The NUS Singapore Prize – The Prince of Wales Visits Singapore

The NUS Singapore History Prize was set up in 2014, with the inaugural award going to archaeologist Prof John Miksic for his book, “Singapore and the Silk Road of the Sea, 1300-1800.” It is awarded every three years. The idea came from an opinion column by Professor Kishore Mahbubani in the Straits Times newspaper calling for a prize to reward the best historical works on Singapore. He was surprised when a philanthropist responded a few months later to donate the amount of S$500,000, which is now placed in an endowment fund.

Miksic’s book examines the interaction between Singapore and other parts of Asia from the early modern period to 1840 when the city-state became an important port. He drew on his extensive fieldwork experience of excavations in Fort Canning and Empress Place, among others. He also studied ancient texts and consulted with scholars from around the world. “My goal was to present the discovery of Singapore as a major site of Southeast Asian and global history, not just of a small, isolated island,” he said.

The winning book must be about a topic or theme of relevance to the local community and the wider international arena. It should be of exceptional quality in terms of research, writing and presentation. In addition, it should be a valuable resource for local readers and students, as well as for researchers, historians and other interested audiences.

This year’s shortlist of titles includes Imperial Creatures (2019, available here), a look at the relationship between humans and animals in colonial Singapore; Sembawang, which follows the story of an extended family through leftist political movements and detentions; Home Is Where We Are, a memoir by National Institute of Education senior lecturer Anitha Devi Pillai, who helped her mother Kamaladevi research and write it; and The Last Tree on Earth, which is about preserving biodiversity in urban environments.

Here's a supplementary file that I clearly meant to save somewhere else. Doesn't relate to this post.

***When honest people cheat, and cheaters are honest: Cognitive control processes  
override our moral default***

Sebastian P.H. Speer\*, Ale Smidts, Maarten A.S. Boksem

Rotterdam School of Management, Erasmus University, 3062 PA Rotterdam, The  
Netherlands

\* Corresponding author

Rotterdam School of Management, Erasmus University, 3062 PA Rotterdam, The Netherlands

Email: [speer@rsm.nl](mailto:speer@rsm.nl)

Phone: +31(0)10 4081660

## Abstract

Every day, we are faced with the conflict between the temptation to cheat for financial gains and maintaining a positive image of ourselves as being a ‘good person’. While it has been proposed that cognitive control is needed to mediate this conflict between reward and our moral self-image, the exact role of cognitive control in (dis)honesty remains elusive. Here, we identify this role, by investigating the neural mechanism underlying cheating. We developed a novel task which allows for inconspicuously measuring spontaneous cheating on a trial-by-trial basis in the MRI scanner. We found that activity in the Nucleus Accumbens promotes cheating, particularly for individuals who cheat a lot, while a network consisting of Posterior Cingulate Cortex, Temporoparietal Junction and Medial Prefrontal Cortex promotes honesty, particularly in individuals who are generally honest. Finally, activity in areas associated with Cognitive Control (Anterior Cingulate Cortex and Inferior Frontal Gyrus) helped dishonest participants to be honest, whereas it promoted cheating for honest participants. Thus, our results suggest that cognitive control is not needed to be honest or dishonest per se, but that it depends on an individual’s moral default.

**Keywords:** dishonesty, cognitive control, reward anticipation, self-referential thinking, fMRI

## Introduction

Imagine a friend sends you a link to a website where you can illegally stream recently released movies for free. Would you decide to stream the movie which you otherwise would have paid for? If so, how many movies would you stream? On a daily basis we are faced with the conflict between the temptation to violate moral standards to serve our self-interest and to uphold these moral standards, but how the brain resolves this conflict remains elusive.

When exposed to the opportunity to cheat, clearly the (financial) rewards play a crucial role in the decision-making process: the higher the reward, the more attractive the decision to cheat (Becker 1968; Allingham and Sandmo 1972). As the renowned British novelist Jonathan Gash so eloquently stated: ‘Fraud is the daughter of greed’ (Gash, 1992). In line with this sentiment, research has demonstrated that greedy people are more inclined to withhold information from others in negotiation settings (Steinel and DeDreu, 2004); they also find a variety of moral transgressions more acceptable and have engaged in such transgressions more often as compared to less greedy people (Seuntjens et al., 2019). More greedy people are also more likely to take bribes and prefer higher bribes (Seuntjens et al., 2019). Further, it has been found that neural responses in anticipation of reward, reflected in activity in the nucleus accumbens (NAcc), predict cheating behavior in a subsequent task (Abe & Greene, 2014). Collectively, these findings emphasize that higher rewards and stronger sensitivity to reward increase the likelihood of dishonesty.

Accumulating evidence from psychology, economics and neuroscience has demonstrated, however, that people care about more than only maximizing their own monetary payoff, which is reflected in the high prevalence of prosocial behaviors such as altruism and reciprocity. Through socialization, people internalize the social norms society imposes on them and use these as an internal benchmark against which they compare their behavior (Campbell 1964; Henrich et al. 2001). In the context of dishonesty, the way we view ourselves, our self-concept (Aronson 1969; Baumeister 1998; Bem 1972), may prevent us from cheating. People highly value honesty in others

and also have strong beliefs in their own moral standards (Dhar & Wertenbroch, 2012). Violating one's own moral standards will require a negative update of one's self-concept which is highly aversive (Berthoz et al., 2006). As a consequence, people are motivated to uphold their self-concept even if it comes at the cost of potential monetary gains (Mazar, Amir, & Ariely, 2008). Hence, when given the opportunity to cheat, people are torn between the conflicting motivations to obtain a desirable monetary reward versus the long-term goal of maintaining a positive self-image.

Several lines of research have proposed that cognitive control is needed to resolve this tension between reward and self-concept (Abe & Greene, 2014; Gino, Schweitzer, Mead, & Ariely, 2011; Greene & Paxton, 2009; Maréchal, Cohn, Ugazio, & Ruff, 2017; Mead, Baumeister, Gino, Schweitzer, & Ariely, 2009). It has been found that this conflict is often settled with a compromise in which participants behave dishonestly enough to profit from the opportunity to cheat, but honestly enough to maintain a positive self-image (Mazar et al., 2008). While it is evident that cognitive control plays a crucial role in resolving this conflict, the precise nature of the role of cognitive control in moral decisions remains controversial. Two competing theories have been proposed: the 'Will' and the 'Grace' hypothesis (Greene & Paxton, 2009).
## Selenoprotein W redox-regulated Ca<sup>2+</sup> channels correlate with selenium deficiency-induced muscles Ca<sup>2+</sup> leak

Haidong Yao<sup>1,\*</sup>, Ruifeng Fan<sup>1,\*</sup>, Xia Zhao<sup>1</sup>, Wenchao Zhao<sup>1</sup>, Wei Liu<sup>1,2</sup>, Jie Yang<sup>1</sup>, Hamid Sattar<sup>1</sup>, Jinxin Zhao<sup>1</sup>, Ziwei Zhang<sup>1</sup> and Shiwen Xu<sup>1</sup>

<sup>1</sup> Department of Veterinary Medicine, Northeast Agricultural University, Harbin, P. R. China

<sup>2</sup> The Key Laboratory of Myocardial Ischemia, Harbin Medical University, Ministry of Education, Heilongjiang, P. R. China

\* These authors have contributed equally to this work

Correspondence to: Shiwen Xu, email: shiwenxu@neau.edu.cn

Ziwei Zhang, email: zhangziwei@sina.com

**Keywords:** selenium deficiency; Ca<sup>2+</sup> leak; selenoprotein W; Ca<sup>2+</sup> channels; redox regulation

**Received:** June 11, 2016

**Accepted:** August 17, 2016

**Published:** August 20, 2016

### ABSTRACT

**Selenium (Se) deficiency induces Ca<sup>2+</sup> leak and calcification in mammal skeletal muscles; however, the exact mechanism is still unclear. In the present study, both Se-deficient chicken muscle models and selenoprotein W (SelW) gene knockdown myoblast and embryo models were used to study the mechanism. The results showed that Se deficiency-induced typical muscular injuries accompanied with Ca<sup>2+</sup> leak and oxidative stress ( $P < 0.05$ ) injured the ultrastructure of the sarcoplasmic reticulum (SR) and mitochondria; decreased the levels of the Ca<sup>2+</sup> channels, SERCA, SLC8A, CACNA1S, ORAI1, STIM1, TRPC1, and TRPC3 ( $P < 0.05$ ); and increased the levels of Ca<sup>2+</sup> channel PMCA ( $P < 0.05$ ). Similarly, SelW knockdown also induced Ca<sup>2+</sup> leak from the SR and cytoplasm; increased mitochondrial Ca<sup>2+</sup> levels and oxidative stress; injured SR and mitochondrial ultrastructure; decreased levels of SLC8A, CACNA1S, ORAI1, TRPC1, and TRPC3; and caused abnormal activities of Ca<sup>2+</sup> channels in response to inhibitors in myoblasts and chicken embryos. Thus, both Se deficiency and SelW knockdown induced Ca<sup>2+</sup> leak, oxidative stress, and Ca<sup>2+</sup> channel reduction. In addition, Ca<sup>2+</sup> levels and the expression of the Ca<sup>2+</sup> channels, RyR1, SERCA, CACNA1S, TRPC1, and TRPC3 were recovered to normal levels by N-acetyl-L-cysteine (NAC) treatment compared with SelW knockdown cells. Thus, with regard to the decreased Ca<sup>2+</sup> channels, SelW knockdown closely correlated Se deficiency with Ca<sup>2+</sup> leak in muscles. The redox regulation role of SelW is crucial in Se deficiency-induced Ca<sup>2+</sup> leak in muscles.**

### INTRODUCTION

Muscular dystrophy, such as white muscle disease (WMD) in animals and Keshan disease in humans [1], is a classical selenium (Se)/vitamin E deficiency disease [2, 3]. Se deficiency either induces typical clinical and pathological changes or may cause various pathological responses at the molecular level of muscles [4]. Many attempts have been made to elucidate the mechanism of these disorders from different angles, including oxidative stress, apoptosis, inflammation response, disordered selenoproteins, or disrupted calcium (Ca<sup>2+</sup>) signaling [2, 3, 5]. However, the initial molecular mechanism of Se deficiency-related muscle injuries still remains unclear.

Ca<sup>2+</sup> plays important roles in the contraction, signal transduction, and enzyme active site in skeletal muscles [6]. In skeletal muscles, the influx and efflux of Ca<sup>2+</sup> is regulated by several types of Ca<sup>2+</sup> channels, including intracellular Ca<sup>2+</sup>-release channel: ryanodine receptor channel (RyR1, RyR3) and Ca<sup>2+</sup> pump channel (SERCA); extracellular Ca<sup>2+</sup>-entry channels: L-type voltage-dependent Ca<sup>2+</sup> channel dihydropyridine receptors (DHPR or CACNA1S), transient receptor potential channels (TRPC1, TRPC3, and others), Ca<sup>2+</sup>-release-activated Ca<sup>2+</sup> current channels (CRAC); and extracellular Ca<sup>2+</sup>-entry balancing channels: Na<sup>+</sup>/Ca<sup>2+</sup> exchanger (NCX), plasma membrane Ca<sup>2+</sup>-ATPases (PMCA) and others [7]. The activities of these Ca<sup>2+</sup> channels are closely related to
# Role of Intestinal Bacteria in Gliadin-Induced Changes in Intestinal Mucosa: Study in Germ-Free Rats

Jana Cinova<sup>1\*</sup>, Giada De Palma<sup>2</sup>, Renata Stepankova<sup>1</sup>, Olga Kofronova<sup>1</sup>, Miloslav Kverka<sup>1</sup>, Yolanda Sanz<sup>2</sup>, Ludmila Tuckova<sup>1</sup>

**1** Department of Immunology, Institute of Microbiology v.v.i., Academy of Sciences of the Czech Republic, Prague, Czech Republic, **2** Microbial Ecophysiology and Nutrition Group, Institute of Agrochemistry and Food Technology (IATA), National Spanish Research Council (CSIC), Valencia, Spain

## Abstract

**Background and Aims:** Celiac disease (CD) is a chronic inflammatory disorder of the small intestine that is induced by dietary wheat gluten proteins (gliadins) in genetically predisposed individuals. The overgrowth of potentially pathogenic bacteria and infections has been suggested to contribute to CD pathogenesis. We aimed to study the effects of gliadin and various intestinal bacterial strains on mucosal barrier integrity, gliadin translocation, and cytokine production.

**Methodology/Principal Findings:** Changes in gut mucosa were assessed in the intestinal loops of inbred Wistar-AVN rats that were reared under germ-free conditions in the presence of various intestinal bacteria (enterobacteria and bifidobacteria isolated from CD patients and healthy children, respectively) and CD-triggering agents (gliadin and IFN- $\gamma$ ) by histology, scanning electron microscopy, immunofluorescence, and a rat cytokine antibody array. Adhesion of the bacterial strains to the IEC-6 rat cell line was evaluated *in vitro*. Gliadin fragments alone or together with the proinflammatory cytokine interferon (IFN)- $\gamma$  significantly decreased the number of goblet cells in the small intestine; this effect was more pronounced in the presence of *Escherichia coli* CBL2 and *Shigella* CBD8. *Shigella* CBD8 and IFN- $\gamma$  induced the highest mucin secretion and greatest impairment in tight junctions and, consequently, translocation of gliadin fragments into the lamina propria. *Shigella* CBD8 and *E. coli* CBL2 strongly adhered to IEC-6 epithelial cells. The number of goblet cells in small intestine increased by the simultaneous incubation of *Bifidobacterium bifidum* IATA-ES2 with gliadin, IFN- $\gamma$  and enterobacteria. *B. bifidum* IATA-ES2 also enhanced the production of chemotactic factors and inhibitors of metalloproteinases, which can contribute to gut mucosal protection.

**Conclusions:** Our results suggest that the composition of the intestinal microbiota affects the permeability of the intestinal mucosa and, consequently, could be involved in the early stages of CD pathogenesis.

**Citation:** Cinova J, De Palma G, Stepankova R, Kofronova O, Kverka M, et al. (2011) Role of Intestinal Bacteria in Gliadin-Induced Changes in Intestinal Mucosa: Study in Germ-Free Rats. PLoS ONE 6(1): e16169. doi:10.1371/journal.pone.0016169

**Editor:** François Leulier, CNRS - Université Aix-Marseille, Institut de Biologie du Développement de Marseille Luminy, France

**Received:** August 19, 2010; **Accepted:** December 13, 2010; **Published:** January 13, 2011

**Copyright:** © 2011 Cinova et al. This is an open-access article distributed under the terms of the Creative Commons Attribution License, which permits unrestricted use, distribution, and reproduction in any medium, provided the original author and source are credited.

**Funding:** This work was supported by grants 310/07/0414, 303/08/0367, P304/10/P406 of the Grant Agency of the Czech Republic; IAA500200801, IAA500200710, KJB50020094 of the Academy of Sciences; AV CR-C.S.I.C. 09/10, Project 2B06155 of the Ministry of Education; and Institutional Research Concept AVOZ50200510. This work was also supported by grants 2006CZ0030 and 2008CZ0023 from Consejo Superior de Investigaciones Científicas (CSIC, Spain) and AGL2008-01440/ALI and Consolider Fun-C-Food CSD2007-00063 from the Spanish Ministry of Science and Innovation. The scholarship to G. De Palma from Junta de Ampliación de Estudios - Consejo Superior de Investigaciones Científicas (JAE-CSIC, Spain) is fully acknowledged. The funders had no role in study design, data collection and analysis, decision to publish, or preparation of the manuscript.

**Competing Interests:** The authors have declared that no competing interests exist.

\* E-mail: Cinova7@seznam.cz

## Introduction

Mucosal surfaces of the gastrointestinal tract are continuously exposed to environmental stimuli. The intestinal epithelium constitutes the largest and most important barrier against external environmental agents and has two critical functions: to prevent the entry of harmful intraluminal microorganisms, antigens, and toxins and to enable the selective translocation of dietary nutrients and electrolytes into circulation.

At Changi Airport, William stood on an upper floor for a stunning view of the 40-metre high Rain Vortex – the world’s largest indoor waterfall that was illuminated green to welcome him. He was also shown a tree planted in his honour in the indoor garden at the foot of the waterfall.

During his visit to Singapore, the Prince of Wales will also host events to spotlight the 2023 winners and finalists of the Earthshot Prize – an initiative launched by his Royal Foundation charity in 2020 to promote innovations that are helping to tackle climate change. This will include the award ceremony and a summit on conservation work organised by United for Wildlife, the organization that he founded in 2014. He will also travel to the world’s tallest indoor waterfall and largest glass greenhouse at The Jewel in Changi. He will also meet with representatives of organisations tackling pandemic preparedness, and speak to young people at the Singapore Science Festival. In the evening, he will join a dinner hosted by the Prime Minister’s Office.